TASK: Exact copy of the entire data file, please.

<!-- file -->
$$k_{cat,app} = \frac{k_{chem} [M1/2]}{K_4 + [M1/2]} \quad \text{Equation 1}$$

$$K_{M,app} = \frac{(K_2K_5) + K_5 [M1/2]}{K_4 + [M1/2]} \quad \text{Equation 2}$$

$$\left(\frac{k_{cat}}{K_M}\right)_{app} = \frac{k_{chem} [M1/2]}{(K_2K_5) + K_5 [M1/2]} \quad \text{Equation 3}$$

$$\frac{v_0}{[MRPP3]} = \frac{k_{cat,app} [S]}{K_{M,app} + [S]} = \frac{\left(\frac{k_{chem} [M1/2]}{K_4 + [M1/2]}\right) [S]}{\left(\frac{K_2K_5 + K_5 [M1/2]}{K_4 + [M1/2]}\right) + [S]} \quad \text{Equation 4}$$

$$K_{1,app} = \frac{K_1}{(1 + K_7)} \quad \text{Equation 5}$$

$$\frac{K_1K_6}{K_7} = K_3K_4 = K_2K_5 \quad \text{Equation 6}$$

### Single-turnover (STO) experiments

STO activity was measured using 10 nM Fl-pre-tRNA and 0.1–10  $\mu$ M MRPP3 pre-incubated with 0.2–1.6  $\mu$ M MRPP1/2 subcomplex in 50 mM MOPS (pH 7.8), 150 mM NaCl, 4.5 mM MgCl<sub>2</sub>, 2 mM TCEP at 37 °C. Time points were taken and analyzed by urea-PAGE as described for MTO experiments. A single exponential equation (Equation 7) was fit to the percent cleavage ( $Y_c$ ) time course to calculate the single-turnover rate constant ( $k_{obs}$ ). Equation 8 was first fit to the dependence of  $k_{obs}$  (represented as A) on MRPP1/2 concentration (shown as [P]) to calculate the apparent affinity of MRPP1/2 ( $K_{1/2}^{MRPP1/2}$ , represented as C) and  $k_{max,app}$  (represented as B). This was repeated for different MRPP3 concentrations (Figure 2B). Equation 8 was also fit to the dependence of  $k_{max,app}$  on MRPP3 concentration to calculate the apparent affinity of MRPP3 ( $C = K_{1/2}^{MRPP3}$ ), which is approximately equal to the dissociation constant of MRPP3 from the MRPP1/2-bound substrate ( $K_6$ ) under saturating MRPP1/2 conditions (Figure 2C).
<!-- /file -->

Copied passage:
$$k_{cat,app} = \frac{k_{chem} [M1/2]}{K_4 + [M1/2]} \quad \text{Equation 1}$$

$$K_{M,app} = \frac{(K_2K_5) + K_5 [M1/2]}{K_4 + [M1/2]} \quad \text{Equation 2}$$

$$\left(\frac{k_{cat}}{K_M}\right)_{app} = \frac{k_{chem} [M1/2]}{(K_2K_5) + K_5 [M1/2]} \quad \text{Equation 3}$$

$$\frac{v_0}{[MRPP3]} = \frac{k_{cat,app} [S]}{K_{M,app} + [S]} = \frac{\left(\frac{k_{chem} [M1/2]}{K_4 + [M1/2]}\right) [S]}{\left(\frac{K_2K_5 + K_5 [M1/2]}{K_4 + [M1/2]}\right) + [S]} \quad \text{Equation 4}$$

$$K_{1,app} = \frac{K_1}{(1 + K_7)} \quad \text{Equation 5}$$

$$\frac{K_1K_6}{K_7} = K_3K_4 = K_2K_5 \quad \text{Equation 6}$$

### Single-turnover (STO) experiments

STO activity was measured using 10 nM Fl-pre-tRNA and 0.1–10  $\mu$ M MRPP3 pre-incubated with 0.2–1.6  $\mu$ M MRPP1/2 subcomplex in 50 mM MOPS (pH 7.8), 150 mM NaCl, 4.5 mM MgCl<sub>2</sub>, 2 mM TCEP at 37 °C. Time points were taken and analyzed by urea-PAGE as described for MTO experiments. A single exponential equation (Equation 7) was fit to the percent cleavage ( $Y_c$ ) time course to calculate the single-turnover rate constant ( $k_{obs}$ ). Equation 8 was first fit to the dependence of  $k_{obs}$  (represented as A) on MRPP1/2 concentration (shown as [P]) to calculate the apparent affinity of MRPP1/2 ( $K_{1/2}^{MRPP1/2}$ , represented as C) and  $k_{max,app}$  (represented as B). This was repeated for different MRPP3 concentrations (Figure 2B). Equation 8 was also fit to the dependence of  $k_{max,app}$  on MRPP3 concentration to calculate the apparent affinity of MRPP3 ( $C = K_{1/2}^{MRPP3}$ ), which is approximately equal to the dissociation constant of MRPP3 from the MRPP1/2-bound substrate ( $K_6$ ) under saturating MRPP1/2 conditions (Figure 2C).